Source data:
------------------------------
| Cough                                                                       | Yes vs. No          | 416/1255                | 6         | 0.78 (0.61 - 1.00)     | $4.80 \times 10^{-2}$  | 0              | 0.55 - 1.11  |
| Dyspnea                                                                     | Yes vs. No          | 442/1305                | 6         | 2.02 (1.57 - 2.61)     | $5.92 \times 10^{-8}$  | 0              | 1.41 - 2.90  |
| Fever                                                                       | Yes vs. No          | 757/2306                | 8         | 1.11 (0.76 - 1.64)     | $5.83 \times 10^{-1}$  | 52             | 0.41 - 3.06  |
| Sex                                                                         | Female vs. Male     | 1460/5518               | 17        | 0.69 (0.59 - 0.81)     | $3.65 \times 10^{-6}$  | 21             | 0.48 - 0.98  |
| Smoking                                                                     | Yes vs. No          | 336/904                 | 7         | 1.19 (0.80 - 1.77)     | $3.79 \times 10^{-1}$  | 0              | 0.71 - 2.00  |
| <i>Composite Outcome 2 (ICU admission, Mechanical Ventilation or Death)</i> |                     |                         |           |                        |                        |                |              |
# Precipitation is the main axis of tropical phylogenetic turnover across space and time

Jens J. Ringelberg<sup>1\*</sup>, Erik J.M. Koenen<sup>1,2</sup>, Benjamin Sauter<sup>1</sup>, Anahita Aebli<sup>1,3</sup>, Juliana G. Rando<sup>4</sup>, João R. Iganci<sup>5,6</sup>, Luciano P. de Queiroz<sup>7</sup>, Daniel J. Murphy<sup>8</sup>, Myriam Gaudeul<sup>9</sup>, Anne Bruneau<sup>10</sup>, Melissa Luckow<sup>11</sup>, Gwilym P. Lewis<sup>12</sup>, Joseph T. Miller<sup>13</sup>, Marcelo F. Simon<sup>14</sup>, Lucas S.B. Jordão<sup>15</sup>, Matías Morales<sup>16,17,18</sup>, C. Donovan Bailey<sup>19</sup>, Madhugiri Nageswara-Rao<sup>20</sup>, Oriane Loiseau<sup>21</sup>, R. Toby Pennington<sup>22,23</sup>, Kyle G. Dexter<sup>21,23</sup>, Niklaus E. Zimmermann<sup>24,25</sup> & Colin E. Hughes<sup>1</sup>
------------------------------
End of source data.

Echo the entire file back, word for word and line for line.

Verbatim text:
| Cough                                                                       | Yes vs. No          | 416/1255                | 6         | 0.78 (0.61 - 1.00)     | $4.80 \times 10^{-2}$  | 0              | 0.55 - 1.11  |
| Dyspnea                                                                     | Yes vs. No          | 442/1305                | 6         | 2.02 (1.57 - 2.61)     | $5.92 \times 10^{-8}$  | 0              | 1.41 - 2.90  |
| Fever                                                                       | Yes vs. No          | 757/2306                | 8         | 1.11 (0.76 - 1.64)     | $5.83 \times 10^{-1}$  | 52             | 0.41 - 3.06  |
| Sex                                                                         | Female vs. Male     | 1460/5518               | 17        | 0.69 (0.59 - 0.81)     | $3.65 \times 10^{-6}$  | 21             | 0.48 - 0.98  |
| Smoking                                                                     | Yes vs. No          | 336/904                 | 7         | 1.19 (0.80 - 1.77)     | $3.79 \times 10^{-1}$  | 0              | 0.71 - 2.00  |
| <i>Composite Outcome 2 (ICU admission, Mechanical Ventilation or Death)</i> |                     |                         |           |                        |                        |                |              |
# Precipitation is the main axis of tropical phylogenetic turnover across space and time

Jens J. Ringelberg<sup>1\*</sup>, Erik J.M. Koenen<sup>1,2</sup>, Benjamin Sauter<sup>1</sup>, Anahita Aebli<sup>1,3</sup>, Juliana G. Rando<sup>4</sup>, João R. Iganci<sup>5,6</sup>, Luciano P. de Queiroz<sup>7</sup>, Daniel J. Murphy<sup>8</sup>, Myriam Gaudeul<sup>9</sup>, Anne Bruneau<sup>10</sup>, Melissa Luckow<sup>11</sup>, Gwilym P. Lewis<sup>12</sup>, Joseph T. Miller<sup>13</sup>, Marcelo F. Simon<sup>14</sup>, Lucas S.B. Jordão<sup>15</sup>, Matías Morales<sup>16,17,18</sup>, C. Donovan Bailey<sup>19</sup>, Madhugiri Nageswara-Rao<sup>20</sup>, Oriane Loiseau<sup>21</sup>, R. Toby Pennington<sup>22,23</sup>, Kyle G. Dexter<sup>21,23</sup>, Niklaus E. Zimmermann<sup>24,25</sup> & Colin E. Hughes<sup>1</sup>